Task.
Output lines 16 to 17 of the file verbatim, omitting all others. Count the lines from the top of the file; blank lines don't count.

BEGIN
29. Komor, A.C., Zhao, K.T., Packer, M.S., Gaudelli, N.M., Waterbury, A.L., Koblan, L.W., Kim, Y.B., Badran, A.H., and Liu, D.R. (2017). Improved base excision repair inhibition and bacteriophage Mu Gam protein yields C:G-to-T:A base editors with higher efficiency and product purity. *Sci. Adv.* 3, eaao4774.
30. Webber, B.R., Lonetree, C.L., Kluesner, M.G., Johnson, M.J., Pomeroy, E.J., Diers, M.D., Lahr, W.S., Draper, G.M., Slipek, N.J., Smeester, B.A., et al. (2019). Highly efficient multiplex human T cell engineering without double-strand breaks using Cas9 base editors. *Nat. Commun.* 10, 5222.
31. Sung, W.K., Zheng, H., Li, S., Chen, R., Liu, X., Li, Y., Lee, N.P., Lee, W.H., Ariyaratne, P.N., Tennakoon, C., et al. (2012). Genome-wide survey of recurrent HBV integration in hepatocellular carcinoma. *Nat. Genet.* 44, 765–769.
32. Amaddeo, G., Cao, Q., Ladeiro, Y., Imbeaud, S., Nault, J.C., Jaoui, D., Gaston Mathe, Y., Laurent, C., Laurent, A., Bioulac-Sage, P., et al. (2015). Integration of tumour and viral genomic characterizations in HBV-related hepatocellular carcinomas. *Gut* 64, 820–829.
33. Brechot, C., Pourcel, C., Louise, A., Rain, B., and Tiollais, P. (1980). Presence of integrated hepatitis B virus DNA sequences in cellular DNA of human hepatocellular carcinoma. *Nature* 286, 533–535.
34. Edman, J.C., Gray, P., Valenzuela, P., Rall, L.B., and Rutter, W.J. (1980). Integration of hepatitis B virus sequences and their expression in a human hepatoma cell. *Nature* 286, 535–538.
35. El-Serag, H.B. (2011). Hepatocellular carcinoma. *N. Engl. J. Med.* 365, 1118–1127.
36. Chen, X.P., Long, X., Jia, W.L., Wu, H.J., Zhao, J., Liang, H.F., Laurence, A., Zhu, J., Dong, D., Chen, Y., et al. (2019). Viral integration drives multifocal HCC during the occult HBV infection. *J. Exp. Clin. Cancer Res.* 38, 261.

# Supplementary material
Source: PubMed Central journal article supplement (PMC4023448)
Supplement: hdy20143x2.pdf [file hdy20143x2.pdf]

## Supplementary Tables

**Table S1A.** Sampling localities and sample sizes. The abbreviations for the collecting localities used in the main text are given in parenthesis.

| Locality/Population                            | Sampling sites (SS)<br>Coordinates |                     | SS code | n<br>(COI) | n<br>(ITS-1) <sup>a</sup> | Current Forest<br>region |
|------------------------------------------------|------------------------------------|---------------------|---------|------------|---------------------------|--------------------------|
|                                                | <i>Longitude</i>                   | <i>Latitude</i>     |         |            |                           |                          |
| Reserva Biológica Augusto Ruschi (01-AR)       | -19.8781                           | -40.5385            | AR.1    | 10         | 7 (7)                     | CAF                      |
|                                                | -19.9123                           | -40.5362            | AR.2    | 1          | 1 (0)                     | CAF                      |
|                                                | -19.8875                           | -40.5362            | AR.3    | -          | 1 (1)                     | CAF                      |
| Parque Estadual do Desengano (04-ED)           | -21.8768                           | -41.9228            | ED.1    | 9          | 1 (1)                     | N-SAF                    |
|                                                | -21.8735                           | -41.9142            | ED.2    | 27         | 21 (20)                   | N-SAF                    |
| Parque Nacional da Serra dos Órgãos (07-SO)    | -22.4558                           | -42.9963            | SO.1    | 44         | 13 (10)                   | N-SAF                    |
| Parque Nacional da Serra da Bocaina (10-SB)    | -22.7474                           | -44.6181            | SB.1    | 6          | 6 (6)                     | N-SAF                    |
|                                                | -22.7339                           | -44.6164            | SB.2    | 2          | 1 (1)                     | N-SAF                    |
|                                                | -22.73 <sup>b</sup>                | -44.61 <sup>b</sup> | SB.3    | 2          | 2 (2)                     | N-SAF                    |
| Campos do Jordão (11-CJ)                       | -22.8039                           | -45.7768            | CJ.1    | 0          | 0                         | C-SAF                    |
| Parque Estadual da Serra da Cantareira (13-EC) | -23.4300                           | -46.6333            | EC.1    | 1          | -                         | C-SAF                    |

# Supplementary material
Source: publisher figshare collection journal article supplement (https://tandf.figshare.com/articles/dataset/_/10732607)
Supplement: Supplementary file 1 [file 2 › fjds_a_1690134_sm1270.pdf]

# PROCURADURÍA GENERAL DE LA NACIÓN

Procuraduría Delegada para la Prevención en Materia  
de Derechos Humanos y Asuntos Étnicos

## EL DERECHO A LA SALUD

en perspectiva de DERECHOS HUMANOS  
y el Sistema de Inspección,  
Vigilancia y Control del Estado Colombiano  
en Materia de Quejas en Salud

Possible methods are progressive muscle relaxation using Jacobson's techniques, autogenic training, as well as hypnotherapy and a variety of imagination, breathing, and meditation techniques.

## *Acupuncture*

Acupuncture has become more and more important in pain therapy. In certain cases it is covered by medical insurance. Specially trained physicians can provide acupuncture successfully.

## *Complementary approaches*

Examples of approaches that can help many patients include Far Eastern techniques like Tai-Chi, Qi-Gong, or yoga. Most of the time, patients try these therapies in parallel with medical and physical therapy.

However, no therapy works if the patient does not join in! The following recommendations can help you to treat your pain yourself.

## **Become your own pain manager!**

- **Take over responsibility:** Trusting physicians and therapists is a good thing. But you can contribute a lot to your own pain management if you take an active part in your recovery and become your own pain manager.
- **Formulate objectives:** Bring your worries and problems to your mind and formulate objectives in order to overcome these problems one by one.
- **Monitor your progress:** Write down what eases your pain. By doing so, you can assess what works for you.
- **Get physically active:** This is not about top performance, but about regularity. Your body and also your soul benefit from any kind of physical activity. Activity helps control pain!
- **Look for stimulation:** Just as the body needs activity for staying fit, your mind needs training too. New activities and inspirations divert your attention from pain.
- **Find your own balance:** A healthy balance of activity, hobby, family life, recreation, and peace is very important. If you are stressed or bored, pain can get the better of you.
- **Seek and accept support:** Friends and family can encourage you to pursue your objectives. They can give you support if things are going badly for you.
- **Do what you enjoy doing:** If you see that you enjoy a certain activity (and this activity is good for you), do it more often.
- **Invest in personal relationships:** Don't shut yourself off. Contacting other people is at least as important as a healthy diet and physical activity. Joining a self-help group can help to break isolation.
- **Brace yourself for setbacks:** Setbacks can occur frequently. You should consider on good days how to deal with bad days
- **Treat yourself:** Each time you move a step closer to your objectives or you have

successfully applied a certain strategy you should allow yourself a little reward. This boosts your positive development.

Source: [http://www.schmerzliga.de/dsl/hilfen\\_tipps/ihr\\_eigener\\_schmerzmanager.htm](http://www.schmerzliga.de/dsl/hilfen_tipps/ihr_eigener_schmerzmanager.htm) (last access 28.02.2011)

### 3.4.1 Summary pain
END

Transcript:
|                                                | <i>Longitude</i>                   | <i>Latitude</i>     |         |            |                           |                          |
| Reserva Biológica Augusto Ruschi (01-AR)       | -19.8781                           | -40.5385            | AR.1    | 10         | 7 (7)                     | CAF                      |